Drafters play damaged-goods game

Posted: Friday, April 22, 2005

Nearly every draft features at least one. They're damaged goods, real or imagined, players who tumble down the board at great personal expense and get picked up by teams at bargain prices. They're an agent's nightmare and a general manager's fantasy.

Often it's because the timing, testing, weighing, poking, probing, profiling, interviewing and investigating done by the league's teams and their batteries of doctors, psychiatrists, psychologists, sociologists and anthropologists unearths a nugget that wasn't included in the original bill of goods. Sometimes, all it takes is a rumor.

The discrepancies range from bum knees to bad attitudes, from a fondness for reefer to single-digit scores on the Wunderlic. The player can fall halfway down the first round, the way perpetual bad-actor Randy Moss did in 1998; or a half-dozen rounds, the way Maurice Clarett could this year. Some turn out to be steals; others just steal a paycheck and disappear.

''We're all looking for the perfect guy,'' Chargers general manager A.J. Smith said Thursday, some 48 hours before his team goes on the clock, ''and that guy has never existed.

''Guys drop for all kinds of reasons — character issues, laziness, or they're not as tall or weigh as much as advertised. Or they don't run as fast. But everything is on the table nowadays. The information is there for all of us to make our decisions,'' Smith added. ''Ultimately, every club has to decide how short of the ideal they're willing to accept to fill a need.''

The early nominees to be crowned this year's object lesson are Georgia defensive end David Pollack, Louisville running back Eric Shelton and Northwestern defensive tackle Luis Castillo.

Pollack doesn't figure to fall very far — perhaps from the middle third of the first round to the bottom third — but it's the reason for the slip that earns him some consideration. Never mind that he tore up the SEC, made several All-America teams and rewrote the Bulldogs' record book. Apparently, Pollack's arms are too short, or at least they're not well-proportioned by NFL measurements for a player who stands 6-foot-3.

Shelton's story is even better. He found out on a visit to the Carolina Panthers that nearly 20 teams received background checks on him containing reports of a criminal past. As it turned out, the company hired to prepare the checks confused him with another Eric Shelton.

''The saving grace,'' Peter Schaffer, one of his agents, told ESPN.com recently, ''is that we found out early enough not to have this be a negative.''

Agent Ralph Cindrich hadn't heard that story, but he had an ever better one.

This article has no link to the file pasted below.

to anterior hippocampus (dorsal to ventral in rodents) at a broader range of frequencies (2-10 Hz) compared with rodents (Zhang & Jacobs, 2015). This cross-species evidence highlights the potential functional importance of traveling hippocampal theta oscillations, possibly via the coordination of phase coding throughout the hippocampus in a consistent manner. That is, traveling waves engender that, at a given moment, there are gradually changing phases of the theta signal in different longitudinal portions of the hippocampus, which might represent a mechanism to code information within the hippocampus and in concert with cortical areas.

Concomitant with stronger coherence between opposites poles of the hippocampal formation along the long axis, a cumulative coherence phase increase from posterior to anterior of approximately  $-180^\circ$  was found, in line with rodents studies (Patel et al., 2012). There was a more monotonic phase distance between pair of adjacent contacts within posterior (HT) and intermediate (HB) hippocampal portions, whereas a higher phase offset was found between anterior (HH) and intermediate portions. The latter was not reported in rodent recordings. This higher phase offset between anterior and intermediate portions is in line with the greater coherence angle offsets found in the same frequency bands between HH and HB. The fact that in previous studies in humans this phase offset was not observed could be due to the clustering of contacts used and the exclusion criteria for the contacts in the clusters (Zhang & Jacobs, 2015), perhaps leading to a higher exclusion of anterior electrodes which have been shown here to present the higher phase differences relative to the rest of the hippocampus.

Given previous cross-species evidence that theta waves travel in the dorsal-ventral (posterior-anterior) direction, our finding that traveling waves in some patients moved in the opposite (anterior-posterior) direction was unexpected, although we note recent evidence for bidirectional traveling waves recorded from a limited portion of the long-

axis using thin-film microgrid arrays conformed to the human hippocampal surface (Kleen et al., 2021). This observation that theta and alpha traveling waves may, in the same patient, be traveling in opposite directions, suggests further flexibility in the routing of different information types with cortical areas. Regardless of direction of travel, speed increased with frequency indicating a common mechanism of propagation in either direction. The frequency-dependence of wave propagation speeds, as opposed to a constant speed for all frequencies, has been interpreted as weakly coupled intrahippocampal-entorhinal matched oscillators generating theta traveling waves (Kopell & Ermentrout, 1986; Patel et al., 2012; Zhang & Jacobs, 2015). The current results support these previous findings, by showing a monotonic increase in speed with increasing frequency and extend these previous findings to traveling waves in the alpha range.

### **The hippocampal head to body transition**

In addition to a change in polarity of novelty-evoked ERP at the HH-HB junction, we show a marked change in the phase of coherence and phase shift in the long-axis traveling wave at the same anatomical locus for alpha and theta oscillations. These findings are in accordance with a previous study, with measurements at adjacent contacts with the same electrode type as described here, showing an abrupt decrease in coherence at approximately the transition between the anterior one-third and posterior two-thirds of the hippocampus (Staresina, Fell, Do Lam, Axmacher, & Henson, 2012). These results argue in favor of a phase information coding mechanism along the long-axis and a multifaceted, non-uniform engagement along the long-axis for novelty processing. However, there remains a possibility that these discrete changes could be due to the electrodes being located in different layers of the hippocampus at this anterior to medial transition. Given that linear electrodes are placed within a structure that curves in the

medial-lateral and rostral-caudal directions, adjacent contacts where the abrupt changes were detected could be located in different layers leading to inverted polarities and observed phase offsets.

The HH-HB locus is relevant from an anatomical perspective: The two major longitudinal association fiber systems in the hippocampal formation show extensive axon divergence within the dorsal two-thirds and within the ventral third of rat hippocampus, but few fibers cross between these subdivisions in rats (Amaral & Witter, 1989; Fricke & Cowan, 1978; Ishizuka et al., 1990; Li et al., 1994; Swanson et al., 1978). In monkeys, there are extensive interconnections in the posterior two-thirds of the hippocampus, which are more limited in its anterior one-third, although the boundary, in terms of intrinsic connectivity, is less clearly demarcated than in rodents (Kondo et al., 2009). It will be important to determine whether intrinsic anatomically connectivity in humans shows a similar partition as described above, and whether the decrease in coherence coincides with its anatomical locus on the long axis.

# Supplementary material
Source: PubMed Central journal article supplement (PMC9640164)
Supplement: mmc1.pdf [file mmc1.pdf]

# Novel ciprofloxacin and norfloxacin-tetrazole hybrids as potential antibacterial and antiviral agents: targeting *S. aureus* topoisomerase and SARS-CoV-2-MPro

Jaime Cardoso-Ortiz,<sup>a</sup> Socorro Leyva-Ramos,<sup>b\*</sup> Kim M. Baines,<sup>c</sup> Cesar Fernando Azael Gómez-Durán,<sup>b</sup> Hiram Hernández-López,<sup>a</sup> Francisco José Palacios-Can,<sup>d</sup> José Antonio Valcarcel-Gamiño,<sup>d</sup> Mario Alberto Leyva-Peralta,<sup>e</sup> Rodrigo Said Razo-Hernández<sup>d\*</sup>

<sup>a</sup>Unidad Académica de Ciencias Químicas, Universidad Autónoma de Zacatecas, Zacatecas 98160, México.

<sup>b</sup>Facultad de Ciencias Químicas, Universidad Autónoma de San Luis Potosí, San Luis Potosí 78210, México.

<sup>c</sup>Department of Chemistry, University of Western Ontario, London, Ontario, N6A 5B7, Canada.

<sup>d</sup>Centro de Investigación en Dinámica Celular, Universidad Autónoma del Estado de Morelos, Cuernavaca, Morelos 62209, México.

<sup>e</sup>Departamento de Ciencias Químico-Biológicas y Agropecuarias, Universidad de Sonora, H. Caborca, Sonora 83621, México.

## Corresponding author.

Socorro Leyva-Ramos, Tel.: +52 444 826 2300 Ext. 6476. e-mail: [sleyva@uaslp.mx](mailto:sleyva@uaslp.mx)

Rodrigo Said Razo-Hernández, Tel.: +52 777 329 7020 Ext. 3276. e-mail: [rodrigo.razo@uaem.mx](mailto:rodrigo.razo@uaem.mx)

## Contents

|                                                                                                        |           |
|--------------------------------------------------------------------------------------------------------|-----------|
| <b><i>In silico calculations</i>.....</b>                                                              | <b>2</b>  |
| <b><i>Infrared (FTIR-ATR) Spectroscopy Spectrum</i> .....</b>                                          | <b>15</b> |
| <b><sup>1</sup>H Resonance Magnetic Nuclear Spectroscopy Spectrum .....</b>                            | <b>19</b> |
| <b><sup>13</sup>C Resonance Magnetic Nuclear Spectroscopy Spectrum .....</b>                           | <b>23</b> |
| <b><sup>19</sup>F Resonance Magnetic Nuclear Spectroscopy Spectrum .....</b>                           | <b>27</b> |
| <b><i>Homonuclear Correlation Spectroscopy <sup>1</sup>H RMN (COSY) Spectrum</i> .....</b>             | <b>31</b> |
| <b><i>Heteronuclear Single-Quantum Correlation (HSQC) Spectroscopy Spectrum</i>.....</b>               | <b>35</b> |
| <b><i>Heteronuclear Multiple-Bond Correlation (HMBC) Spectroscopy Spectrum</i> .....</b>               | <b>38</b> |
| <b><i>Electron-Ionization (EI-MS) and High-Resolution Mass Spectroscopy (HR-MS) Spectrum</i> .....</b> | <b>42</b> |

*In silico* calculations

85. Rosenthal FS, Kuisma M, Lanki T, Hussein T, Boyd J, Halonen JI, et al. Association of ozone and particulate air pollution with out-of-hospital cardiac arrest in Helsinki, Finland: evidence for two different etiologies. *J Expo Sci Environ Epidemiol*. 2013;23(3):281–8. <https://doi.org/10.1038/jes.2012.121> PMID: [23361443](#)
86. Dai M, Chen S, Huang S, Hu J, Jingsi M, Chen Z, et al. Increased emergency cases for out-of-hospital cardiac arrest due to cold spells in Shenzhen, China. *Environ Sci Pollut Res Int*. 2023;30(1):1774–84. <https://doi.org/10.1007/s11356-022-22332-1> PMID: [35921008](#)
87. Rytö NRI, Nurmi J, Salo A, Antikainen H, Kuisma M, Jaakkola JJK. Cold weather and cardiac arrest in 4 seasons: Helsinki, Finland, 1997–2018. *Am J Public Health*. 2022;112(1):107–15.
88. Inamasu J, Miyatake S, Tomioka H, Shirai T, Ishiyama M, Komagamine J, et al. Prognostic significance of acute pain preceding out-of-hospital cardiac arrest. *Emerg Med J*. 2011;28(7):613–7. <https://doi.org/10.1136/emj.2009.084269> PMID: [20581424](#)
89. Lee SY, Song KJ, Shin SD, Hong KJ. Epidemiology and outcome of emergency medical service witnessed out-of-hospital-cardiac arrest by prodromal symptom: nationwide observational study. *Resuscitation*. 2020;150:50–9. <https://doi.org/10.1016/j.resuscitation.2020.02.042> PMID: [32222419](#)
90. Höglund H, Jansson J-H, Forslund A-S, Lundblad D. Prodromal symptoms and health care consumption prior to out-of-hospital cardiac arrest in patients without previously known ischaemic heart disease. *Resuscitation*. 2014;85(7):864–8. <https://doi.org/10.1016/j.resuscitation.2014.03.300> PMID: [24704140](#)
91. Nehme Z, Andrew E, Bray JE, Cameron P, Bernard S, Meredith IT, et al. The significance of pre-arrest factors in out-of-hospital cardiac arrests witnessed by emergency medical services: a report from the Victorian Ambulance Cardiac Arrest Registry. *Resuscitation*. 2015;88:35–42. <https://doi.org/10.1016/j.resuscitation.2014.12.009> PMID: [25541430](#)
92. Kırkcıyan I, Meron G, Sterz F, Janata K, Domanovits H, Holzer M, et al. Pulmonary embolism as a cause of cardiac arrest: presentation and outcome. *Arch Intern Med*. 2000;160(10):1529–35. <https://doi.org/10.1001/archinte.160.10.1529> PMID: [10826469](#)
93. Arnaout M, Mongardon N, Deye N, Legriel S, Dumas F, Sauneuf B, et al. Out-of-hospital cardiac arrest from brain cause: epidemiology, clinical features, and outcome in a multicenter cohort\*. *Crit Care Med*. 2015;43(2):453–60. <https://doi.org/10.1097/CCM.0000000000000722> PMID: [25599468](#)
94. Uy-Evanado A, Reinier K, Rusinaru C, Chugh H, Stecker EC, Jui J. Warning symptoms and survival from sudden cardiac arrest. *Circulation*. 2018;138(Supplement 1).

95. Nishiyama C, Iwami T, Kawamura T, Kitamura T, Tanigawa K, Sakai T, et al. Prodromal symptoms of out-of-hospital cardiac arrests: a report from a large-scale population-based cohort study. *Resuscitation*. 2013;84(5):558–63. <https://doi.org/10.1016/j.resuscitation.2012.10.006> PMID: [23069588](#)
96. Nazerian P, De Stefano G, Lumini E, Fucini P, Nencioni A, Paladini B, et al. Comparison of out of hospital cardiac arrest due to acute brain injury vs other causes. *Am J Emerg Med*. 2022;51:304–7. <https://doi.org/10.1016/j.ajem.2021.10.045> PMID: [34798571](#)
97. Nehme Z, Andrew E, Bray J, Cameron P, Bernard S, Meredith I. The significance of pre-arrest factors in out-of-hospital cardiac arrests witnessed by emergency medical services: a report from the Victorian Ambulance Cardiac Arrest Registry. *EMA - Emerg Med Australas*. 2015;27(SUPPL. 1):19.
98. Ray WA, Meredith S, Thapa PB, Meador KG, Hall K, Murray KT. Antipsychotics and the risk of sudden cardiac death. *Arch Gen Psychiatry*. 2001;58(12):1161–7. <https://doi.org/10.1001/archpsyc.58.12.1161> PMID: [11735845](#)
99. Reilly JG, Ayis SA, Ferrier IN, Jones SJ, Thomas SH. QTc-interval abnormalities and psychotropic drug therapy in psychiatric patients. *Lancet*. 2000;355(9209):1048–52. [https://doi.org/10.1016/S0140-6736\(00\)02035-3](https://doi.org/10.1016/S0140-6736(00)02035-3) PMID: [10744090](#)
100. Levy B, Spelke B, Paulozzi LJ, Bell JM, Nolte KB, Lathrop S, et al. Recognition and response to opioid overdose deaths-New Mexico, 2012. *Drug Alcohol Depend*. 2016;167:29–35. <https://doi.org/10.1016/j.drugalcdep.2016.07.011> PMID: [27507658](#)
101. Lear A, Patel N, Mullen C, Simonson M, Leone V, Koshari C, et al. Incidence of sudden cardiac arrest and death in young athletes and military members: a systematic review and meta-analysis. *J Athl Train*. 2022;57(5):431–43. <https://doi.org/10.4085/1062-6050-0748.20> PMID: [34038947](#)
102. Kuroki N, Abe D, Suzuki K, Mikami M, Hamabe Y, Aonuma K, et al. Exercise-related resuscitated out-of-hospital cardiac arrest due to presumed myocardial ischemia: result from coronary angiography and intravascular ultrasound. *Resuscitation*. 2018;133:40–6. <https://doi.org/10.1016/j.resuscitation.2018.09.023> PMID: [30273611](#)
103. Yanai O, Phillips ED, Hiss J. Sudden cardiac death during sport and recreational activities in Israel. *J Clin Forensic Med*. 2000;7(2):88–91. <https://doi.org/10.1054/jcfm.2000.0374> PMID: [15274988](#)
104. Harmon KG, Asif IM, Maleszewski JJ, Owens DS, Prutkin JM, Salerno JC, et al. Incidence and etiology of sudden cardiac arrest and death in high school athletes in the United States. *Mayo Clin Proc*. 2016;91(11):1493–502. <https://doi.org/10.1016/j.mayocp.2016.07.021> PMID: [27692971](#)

''I had a guy in the 1980s whose stock was falling faster than a company with a convicted CEO. By the time we ran it down, we found out the team that wanted him most was spreading rumors he was a homosexual.

''Ever since, whenever I hear something funny about a guy, I make a point to check it out,'' Cindrich added. ''If you find a source for the rumor, most of the time it's just that — the team that has most interest.''

Nothing quite so malicious happened in Castillo's case. He screwed things up all by himself.

Castillo's prospects rose dramatically at the leaguewide combine in Indianapolis in February when he turned in an eye-popping 32 repetitions in the 225-pound bench press and a 4.79 time in the 40-yard dash. And they fell just as precipitously afterward when he failed a drug test administered at the same workout.

Castillo is, by all accounts, a bright young man and he went a long way toward proving that by owning up to the sin. He admitted taking androstenedione after the season, but before the combine began, because an elbow injury was slow to heal.

Then he provided all 32 teams with his medical history of drug testing at Northwestern — no previous steroid positives — and a letter from coach Randy Walker describing Castillo as a model citizen. His agent, Rick Smith, followed that up by getting in touch with each team, saying in a statement, ''We're comfortable with where we're at.''

Whether the league's GMs feel the same won't be known until Saturday afternoon. Castillo was rated a high second-round choice after the combine — Florida State's Travis Johnson and USC's Shaun Cody top most lists at defensive tackle — and whoever drafts him does so knowing he'll likely be tested up to two dozen times a year, possibly for as long as Castillo is in the league.

''Obviously,'' said Smith, the San Diego GM, making clear he wasn't talking about Castillo, ''you don't want to be embarrassed by a guy after all the hard work you've done. But it's happened and it will happen again. You just hope it doesn't happen on your watch.''

Still, the damaged-goods section of the draft is where some of the most attractive buys wind up: Think Moss, Warren Sapp, and Willis McGahee. Teams pass it by at their own risk.

''It comes down to individual clubs and their philosophies. We all have the same information, but different ideas,'' the Chargers' Smith said. ''But as a rule of thumb, we all take chances on great players, because great players win you ballgames.

''And the longer somebody starts to slide, the sooner someone else will say, ''That's one heck of a player to make it all the way down here.''

Jim Litke is a national sports columnist for The Associated Press. Write to him at jlitke@ap.org



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